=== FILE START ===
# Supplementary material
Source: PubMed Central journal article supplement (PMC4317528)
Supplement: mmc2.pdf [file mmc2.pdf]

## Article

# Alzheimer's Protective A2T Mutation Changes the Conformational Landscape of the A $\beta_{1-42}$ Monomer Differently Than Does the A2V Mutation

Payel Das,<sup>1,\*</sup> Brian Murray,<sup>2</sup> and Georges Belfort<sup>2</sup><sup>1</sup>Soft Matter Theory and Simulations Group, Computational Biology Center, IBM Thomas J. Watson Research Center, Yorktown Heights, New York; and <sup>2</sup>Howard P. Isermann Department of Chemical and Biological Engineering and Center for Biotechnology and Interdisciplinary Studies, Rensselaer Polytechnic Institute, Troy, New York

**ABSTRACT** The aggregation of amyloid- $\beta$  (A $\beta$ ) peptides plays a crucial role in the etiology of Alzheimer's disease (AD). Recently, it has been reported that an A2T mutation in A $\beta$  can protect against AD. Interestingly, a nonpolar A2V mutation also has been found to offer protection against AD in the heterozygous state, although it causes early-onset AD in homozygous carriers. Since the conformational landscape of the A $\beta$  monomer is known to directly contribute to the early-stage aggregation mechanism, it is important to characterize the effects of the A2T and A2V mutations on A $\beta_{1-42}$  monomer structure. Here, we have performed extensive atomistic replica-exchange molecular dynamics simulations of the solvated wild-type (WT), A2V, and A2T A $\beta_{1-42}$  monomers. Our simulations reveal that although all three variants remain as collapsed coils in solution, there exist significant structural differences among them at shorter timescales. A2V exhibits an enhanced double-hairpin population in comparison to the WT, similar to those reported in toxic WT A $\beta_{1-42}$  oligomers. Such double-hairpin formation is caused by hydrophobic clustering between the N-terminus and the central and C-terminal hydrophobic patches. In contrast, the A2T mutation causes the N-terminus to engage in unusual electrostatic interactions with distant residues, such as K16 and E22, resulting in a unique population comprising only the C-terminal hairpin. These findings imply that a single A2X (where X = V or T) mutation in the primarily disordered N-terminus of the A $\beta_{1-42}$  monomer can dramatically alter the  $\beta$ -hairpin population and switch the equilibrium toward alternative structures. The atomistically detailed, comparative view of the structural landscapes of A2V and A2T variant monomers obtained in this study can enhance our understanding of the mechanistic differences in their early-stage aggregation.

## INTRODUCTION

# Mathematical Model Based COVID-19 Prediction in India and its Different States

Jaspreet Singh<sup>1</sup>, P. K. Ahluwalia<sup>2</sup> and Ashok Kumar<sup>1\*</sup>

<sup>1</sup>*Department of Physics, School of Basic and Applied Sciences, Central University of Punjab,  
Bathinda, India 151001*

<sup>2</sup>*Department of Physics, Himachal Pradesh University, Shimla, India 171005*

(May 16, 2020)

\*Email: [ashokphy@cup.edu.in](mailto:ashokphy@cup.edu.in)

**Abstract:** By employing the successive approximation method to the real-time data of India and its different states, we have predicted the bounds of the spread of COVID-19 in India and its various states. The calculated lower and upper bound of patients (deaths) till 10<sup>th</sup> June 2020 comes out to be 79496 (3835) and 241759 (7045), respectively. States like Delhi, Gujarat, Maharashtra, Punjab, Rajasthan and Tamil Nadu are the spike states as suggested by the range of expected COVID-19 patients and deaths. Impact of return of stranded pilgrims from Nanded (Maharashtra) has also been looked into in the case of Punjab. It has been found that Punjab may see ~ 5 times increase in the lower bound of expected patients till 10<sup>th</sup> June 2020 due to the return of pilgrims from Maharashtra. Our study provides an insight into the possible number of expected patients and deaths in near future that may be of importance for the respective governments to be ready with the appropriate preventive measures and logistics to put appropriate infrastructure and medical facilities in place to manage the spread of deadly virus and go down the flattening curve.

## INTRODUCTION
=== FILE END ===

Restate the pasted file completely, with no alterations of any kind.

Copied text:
# Supplementary material
Source: PubMed Central journal article supplement (PMC4317528)
Supplement: mmc2.pdf [file mmc2.pdf]

## Article

# Alzheimer's Protective A2T Mutation Changes the Conformational Landscape of the A $\beta_{1-42}$ Monomer Differently Than Does the A2V Mutation

Payel Das,<sup>1,\*</sup> Brian Murray,<sup>2</sup> and Georges Belfort<sup>2</sup><sup>1</sup>Soft Matter Theory and Simulations Group, Computational Biology Center, IBM Thomas J. Watson Research Center, Yorktown Heights, New York; and <sup>2</sup>Howard P. Isermann Department of Chemical and Biological Engineering and Center for Biotechnology and Interdisciplinary Studies, Rensselaer Polytechnic Institute, Troy, New York

**ABSTRACT** The aggregation of amyloid- $\beta$  (A $\beta$ ) peptides plays a crucial role in the etiology of Alzheimer's disease (AD). Recently, it has been reported that an A2T mutation in A $\beta$  can protect against AD. Interestingly, a nonpolar A2V mutation also has been found to offer protection against AD in the heterozygous state, although it causes early-onset AD in homozygous carriers. Since the conformational landscape of the A $\beta$  monomer is known to directly contribute to the early-stage aggregation mechanism, it is important to characterize the effects of the A2T and A2V mutations on A $\beta_{1-42}$  monomer structure. Here, we have performed extensive atomistic replica-exchange molecular dynamics simulations of the solvated wild-type (WT), A2V, and A2T A $\beta_{1-42}$  monomers. Our simulations reveal that although all three variants remain as collapsed coils in solution, there exist significant structural differences among them at shorter timescales. A2V exhibits an enhanced double-hairpin population in comparison to the WT, similar to those reported in toxic WT A $\beta_{1-42}$  oligomers. Such double-hairpin formation is caused by hydrophobic clustering between the N-terminus and the central and C-terminal hydrophobic patches. In contrast, the A2T mutation causes the N-terminus to engage in unusual electrostatic interactions with distant residues, such as K16 and E22, resulting in a unique population comprising only the C-terminal hairpin. These findings imply that a single A2X (where X = V or T) mutation in the primarily disordered N-terminus of the A $\beta_{1-42}$  monomer can dramatically alter the  $\beta$ -hairpin population and switch the equilibrium toward alternative structures. The atomistically detailed, comparative view of the structural landscapes of A2V and A2T variant monomers obtained in this study can enhance our understanding of the mechanistic differences in their early-stage aggregation.

## INTRODUCTION

# Mathematical Model Based COVID-19 Prediction in India and its Different States

Jaspreet Singh<sup>1</sup>, P. K. Ahluwalia<sup>2</sup> and Ashok Kumar<sup>1\*</sup>

<sup>1</sup>*Department of Physics, School of Basic and Applied Sciences, Central University of Punjab,  
Bathinda, India 151001*

<sup>2</sup>*Department of Physics, Himachal Pradesh University, Shimla, India 171005*

(May 16, 2020)

\*Email: [ashokphy@cup.edu.in](mailto:ashokphy@cup.edu.in)

**Abstract:** By employing the successive approximation method to the real-time data of India and its different states, we have predicted the bounds of the spread of COVID-19 in India and its various states. The calculated lower and upper bound of patients (deaths) till 10<sup>th</sup> June 2020 comes out to be 79496 (3835) and 241759 (7045), respectively. States like Delhi, Gujarat, Maharashtra, Punjab, Rajasthan and Tamil Nadu are the spike states as suggested by the range of expected COVID-19 patients and deaths. Impact of return of stranded pilgrims from Nanded (Maharashtra) has also been looked into in the case of Punjab. It has been found that Punjab may see ~ 5 times increase in the lower bound of expected patients till 10<sup>th</sup> June 2020 due to the return of pilgrims from Maharashtra. Our study provides an insight into the possible number of expected patients and deaths in near future that may be of importance for the respective governments to be ready with the appropriate preventive measures and logistics to put appropriate infrastructure and medical facilities in place to manage the spread of deadly virus and go down the flattening curve.

## INTRODUCTION